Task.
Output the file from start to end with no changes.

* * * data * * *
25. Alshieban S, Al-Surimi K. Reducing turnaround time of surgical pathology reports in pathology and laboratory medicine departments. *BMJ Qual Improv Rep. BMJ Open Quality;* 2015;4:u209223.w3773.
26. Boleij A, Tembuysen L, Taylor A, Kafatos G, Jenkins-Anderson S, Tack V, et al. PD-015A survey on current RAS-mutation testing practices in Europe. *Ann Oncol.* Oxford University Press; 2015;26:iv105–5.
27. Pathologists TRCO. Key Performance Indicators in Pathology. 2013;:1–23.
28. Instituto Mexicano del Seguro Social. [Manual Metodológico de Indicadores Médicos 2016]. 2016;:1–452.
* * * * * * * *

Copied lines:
25. Alshieban S, Al-Surimi K. Reducing turnaround time of surgical pathology reports in pathology and laboratory medicine departments. *BMJ Qual Improv Rep. BMJ Open Quality;* 2015;4:u209223.w3773.
26. Boleij A, Tembuysen L, Taylor A, Kafatos G, Jenkins-Anderson S, Tack V, et al. PD-015A survey on current RAS-mutation testing practices in Europe. *Ann Oncol.* Oxford University Press; 2015;26:iv105–5.
27. Pathologists TRCO. Key Performance Indicators in Pathology. 2013;:1–23.
28. Instituto Mexicano del Seguro Social. [Manual Metodológico de Indicadores Médicos 2016]. 2016;:1–452.